(from Jerusalem) Arab and Yigal are respectively Palestinian and Israeli. They belong to two peoples that have been battling each other for decades. They both lost a sister, Abir and Smadar; both were killed by “the enemy.” They don’t hate each other as one might expect: is not revenge that they seek but reconciliation. They want the bloodshed to stop. All they want is peace. Together they support the “Parents Circle-Families Forum” (www.theparentscircle.com), created in 1995. It brings together over 600 Palestinian and Israeli families of different faiths, all of whom have lost a close family member as a result of the prolonged conflict and have decided to promote dialogue and reconciliation between the two peoples. The days of mourning surrounded by the love of family and friends, pass quickly. After then they are left alone to decide what to do wit their bereavement, whether to transform it into revenge and hatred or use it as a tool for reconcilation. Arab and Ygal decided to transform their mourning into an instrument of peace and share the suffering of those “on the opposite side.”
“Our suffering is our strength”
the two said before an audience of approximately twenty bishops from USA, EU, Canada and South Africa, members of the Holy Land Coordination that past January convened in Jerusalem for the traditional solidarity visit. Arab and Ygal met them and shared their personal stories.
Arab Aramin is young. He comes from Jerusalem. As often happens when he speaks about his story in schools, associations, assemblies and other events promoted by the Forum, he remembers when, on January 17 2007, “my sister Abir was killed by an Israeli soldier in front of her school, in Anata, East Jerusalem. She was only 10. She was killed for no reason. Or maybe just for one reason: she was Palestinian.”
Arab stops speaking for a moment. Those memories are painful but it’s important to move on, “to look beyond.” He mentions a “thirst for revenge” unquenched by stone –throwing against “soldiers patrolling the checkpoint outside my house.” The feelings of hatred extend much further. He remembers his father, a peace activist who “sought to stop me from responding with violence.”
His words are as heavy as stones: “Revenge brings revenge, bloodshed brings more bloodshed and I am not willing to lose another son. Those words – Arab recalls – touched my heart. I thus decided that my family would no longer suffer for this conflict.
I was reconciled with myself. Today, 11 years later, I believe that peace between Israelis and Palestinians is possible if we seek hope on both sides. In the certainty that if Palestinians have no freedom Israel will never be safe.”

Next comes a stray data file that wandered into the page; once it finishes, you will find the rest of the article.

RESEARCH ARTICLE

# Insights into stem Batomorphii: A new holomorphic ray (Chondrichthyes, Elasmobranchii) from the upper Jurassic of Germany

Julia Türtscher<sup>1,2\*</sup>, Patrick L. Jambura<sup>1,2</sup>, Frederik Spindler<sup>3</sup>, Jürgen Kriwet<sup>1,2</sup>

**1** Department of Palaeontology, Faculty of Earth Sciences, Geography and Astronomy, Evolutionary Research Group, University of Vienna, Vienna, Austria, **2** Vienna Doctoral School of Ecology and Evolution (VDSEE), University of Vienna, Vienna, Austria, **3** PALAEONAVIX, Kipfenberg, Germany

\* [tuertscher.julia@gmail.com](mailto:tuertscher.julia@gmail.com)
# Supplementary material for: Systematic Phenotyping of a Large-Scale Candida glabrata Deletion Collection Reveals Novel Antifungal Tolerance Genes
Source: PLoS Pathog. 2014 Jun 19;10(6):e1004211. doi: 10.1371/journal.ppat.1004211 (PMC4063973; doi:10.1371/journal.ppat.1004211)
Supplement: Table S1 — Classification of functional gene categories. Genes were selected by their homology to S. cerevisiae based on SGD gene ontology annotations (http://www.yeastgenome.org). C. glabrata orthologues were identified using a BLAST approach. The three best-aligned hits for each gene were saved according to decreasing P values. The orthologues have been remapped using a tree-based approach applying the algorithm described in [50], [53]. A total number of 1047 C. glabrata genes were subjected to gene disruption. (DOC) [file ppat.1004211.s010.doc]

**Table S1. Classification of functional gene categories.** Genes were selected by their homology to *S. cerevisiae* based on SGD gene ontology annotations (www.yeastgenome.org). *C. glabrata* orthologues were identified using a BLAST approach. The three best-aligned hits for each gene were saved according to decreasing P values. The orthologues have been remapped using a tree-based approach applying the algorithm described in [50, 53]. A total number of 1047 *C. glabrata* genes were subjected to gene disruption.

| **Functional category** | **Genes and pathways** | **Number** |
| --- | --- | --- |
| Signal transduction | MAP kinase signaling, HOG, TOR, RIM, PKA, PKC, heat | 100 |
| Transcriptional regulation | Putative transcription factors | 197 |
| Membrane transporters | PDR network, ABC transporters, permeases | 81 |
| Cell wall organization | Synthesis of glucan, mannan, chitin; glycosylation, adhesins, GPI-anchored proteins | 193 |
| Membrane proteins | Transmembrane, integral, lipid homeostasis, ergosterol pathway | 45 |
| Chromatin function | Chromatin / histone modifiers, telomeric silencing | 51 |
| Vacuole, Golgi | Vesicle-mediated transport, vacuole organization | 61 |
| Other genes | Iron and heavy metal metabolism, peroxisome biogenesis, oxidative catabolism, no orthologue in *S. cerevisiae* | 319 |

Yigal Elhanan, is seated next to Arab. He listens in silence. The story of the death of Abir is similar to that of his sister Smadar, exactly 10 years earlier, in September 1997. The same tragic story on the other side of the barricade. “My sister Smadar was killed in a suicide-bombing attack while she was buying schoolbooks with her friends, Yael Botwin, Sivan Zarka and Daniel Birman. Two years of suffering and pain in the awareness that nothing would bring Smadar back.” Then the family decided to become active members of the “Parents Circle Families Forum” to “promote reconciliation and eradicate the culture of prejudice and mistrust harboured throughout both the Palestinian and Israeli societies.
Our organization testifies to the fact that if we, who lost our dear ones, can work together, then anyone can. Even our political leaders. There are no limitations.
Arab and Ygal look at each other. They are aware that “the reconciliation process is not under way. It’s impossible until one side occupies the other. Mutual respect constitutes the grounds for reconciliation – underlines the young Israeli -. Revenge can never be a solution. We must not extend our gaze elsewhere – is their joint appeal –we must not turn a blind eye to suffering. It’s a wake-up call for peace and it is necessary
To act quickly to prevent other people from suffering like us.”
Arab and Ygal have a long, difficult path ahead of them, where suffering unfolds in a ‘wise’ manner because it teaches dialogue and peace. The conflict that was previously ‘unmanageable’ can slowly be ‘managed’ by all the families of the Parents’ Circle that don’t intend to resign themselves to violence and war. The question is not to establish who suffered or is suffering the most, “it’s not a competition.”
“There is suffering on both sides.”
It’s a question of making peace at all costs. It’s the best way to honour the memory of those whose lives were taken by the conflict.